Stock 300 camshaft specifications

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THE FRENCHTOWN FLYER

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Stock cam specs. Same grind was used from mid-sixties through the EFI years, although the part numbers may vary due to other manufacturing considerations. This will give you some info to compare with aftermarket camshafts.



Notations I made to help clarify what's going on:

 

Lazy JW

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Sweet! :D

Now with my tri-focals and a couple of magnifying glasses I will see if I can actually READ them :cry:
Joe
 

THE FRENCHTOWN FLYER

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I tried to enter them in a larger format but the site would not accept them unless I reduced the pixel count. Sorry. If anybody can fix this or make an exception for this specific post thatwould be nice.
 

Asa

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FTF - if you can reupload them to photobucket and post the links alone, i will fix it
 

crash-harris

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Greg, if you can blow them up and upload them to photobucket, they actually have an option now to post the IMG file as a clickable thumbnail that saves Asa some time :lol:
 

imcurtis2

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This is way cool and exactly what I am looking for but nothing I have tried makes these pictures readable. Could you email to me or somehow post them to a site that allows full photo uploads. I like Picasa, just because I like google.
 

WerbyFord

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So from what I can read of the pictures (thanks FTF):
Advertised Duration
IVO 18
IVC 70
EVO 58
EVC 30
This gives LCI 116, LCE 104, or LSA 110 with 6 degrees retard.
However, computing Lobe Centers from advertised duration can be deceptive since (as it appears here) the ramps are not always symmetric - sometimes the closing ramp is more gradual than the opening ramp.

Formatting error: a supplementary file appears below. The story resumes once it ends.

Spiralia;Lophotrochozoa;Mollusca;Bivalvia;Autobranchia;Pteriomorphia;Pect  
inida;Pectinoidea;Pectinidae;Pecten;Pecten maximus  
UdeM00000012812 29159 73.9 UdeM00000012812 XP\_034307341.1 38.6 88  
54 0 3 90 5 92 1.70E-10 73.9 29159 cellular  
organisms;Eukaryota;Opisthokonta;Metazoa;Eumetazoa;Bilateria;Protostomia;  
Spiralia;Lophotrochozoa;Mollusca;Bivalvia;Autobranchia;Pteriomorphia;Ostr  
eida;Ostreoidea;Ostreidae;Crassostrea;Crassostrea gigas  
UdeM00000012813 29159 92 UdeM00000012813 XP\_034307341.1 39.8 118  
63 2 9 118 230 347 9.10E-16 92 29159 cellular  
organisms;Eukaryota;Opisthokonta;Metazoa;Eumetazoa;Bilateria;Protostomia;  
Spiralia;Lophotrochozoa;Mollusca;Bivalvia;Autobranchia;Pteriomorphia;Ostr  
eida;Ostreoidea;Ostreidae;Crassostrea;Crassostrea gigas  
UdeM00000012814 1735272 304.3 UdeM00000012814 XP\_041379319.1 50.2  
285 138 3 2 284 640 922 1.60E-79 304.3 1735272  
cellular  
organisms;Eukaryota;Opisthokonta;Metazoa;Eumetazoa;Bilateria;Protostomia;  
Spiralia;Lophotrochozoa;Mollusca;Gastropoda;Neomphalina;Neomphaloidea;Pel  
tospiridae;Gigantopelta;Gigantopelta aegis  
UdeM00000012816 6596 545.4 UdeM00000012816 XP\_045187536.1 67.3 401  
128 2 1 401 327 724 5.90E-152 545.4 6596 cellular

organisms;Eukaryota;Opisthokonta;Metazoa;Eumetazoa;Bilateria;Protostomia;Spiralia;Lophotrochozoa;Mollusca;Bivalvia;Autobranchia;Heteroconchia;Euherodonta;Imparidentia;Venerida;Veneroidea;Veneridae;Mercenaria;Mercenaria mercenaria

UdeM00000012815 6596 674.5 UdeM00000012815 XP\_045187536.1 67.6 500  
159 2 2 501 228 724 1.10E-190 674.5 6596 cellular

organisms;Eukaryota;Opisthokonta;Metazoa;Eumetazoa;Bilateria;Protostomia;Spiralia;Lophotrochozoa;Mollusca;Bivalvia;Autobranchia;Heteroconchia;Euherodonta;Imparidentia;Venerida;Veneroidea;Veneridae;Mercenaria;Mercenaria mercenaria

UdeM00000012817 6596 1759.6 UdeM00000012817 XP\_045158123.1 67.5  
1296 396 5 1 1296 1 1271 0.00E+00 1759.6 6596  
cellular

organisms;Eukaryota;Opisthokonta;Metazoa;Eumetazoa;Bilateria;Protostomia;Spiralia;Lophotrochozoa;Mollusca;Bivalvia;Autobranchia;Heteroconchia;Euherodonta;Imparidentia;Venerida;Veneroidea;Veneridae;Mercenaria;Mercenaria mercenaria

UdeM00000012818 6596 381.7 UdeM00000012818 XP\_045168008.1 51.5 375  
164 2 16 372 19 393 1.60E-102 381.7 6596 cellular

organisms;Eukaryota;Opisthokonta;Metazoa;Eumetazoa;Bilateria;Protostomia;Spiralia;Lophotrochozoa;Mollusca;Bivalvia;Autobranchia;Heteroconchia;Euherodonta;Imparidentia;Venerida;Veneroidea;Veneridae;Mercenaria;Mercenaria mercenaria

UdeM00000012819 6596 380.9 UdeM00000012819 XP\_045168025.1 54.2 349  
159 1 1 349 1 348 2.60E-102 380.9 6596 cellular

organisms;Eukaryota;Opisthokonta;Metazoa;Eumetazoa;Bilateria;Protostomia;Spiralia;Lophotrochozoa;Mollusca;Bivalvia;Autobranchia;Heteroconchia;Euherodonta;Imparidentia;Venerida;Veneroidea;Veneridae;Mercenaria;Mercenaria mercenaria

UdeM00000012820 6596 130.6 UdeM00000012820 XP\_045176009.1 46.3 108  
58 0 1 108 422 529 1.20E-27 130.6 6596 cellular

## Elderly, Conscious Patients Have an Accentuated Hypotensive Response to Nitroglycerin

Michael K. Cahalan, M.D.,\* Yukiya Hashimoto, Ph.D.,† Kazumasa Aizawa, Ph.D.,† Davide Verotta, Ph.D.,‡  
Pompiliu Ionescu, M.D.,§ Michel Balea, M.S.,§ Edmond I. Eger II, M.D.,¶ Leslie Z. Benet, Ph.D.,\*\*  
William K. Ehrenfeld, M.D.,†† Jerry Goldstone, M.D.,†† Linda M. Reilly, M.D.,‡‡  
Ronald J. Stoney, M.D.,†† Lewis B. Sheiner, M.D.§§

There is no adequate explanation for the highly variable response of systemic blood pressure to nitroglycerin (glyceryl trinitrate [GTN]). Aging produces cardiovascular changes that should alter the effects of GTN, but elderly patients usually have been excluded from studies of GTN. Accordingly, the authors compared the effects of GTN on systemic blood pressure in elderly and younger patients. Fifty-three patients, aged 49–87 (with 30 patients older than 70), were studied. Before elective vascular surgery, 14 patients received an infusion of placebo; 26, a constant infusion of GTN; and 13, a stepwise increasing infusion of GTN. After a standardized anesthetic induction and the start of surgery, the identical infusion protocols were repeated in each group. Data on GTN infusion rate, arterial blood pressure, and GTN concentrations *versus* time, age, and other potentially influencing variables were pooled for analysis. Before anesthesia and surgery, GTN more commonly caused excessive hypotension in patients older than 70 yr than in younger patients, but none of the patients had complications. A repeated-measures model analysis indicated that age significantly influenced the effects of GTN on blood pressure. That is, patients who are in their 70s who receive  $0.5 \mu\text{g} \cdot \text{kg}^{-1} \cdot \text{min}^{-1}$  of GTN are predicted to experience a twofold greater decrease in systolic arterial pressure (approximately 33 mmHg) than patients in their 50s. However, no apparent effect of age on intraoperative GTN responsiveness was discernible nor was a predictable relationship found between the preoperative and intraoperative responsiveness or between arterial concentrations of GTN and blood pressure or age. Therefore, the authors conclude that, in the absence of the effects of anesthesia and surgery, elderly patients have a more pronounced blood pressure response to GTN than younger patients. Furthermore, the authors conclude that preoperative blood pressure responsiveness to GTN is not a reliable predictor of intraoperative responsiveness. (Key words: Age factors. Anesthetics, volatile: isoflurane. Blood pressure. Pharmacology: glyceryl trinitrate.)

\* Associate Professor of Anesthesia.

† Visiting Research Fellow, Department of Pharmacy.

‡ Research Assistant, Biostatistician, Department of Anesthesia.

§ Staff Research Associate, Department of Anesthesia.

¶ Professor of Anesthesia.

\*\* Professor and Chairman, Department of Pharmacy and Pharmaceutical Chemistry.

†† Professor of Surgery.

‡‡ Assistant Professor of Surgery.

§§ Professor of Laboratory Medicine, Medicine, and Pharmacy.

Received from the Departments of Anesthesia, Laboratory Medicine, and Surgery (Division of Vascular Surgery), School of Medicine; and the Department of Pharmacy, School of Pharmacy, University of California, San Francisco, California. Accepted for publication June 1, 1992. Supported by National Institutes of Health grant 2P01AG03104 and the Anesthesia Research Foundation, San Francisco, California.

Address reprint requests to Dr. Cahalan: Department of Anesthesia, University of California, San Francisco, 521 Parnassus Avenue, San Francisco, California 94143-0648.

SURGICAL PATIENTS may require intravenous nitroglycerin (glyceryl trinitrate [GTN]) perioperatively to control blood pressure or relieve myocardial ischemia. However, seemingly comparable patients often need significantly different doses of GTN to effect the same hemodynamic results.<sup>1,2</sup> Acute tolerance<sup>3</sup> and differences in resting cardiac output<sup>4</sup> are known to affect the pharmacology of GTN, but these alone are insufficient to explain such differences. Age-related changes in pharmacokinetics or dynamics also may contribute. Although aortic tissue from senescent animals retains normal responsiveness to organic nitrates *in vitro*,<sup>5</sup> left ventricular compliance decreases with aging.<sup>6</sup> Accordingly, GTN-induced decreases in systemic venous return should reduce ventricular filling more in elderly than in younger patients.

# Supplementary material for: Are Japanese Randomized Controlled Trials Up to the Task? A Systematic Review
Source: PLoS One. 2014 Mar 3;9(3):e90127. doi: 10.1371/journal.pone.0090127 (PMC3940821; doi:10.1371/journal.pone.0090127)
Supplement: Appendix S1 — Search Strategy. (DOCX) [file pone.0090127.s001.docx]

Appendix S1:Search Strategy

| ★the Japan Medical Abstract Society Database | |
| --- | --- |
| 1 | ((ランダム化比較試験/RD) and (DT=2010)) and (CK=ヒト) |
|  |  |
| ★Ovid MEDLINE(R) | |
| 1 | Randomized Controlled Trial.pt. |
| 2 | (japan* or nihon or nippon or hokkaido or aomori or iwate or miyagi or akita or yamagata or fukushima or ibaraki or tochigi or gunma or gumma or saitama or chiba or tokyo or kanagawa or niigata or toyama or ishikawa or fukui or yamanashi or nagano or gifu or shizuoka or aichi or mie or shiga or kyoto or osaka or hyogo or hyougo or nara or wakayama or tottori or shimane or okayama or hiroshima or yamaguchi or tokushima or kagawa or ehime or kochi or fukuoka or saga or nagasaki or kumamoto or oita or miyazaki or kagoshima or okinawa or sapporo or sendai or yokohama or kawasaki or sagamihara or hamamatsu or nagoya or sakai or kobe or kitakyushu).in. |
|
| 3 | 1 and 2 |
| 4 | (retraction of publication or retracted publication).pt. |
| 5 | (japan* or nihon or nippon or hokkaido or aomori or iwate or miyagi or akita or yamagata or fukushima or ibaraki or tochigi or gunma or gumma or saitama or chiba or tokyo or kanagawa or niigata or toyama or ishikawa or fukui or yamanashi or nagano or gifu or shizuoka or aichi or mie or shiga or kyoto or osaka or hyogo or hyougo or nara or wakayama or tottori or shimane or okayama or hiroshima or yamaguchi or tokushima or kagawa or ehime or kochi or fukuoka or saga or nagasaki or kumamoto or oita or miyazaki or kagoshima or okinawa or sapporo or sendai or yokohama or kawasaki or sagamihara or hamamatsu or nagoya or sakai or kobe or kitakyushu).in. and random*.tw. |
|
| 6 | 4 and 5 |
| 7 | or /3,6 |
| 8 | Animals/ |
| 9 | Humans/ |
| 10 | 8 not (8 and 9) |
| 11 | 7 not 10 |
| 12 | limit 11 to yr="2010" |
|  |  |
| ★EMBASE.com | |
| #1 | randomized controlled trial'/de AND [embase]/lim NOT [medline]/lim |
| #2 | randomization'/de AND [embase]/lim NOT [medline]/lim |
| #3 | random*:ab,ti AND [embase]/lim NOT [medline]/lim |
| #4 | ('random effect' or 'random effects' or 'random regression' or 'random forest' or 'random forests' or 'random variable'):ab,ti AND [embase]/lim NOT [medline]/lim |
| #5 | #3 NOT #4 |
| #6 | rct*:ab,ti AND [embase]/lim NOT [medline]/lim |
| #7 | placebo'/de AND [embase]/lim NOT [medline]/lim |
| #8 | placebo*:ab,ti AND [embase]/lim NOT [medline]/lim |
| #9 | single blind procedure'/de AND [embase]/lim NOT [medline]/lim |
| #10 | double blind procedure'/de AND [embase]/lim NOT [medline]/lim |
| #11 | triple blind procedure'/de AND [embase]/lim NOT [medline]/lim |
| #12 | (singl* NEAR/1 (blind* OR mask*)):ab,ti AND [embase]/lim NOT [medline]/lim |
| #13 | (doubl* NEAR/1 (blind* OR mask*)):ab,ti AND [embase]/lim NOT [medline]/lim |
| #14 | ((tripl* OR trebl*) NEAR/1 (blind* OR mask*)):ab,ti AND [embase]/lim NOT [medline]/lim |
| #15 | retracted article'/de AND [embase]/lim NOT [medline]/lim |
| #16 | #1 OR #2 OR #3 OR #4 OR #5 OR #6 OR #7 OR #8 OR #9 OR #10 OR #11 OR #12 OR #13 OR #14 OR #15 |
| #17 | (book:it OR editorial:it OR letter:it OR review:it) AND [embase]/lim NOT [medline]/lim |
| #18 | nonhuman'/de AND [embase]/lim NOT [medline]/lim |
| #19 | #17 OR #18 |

The other LC's given are LCI 112, LCE 108, or LSA 110 with 2 degrees retard.

A couple questions I have that remain are:
1. From which year are these specs?
2. Even if the 300 had the same cam thru all the years - was the advance or retard the same?
The specs above indicate 2 degrees retard
Bill from Indy in the FIGURES post assumed 4 degrees retard
Motorhead aftermarket shows 3 degrees advance
That is a big spread so I wondered if the stock advance/retard changed thru the years
 

Lazy JW

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I just dug out my notes taken when I did that project. I did NOT check the cam with the original gear, but did check the stock cam with a Cloyes aluminum gear set; I failed to write down which notch I was using on the aluminum gear :oops:
According to my notes at .006" lifter rise:

Intake open= 14º BTDC
Intake close= 74º ABDC
Exhaust open=54º BBDC
Exhaust Close=34º ATDC

268º total duration @ .006" lifter rise.

This agrees exactly with the durations on Greg's cam card, the indexing is 4º different is all.
 

tom954x4

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Lot of interesting posts lately on the merits and such of non-stock cams.
I think this thread would benefit from a discussion of the design considerations and tradeoffs made by Ford in coming up with the stock cam design.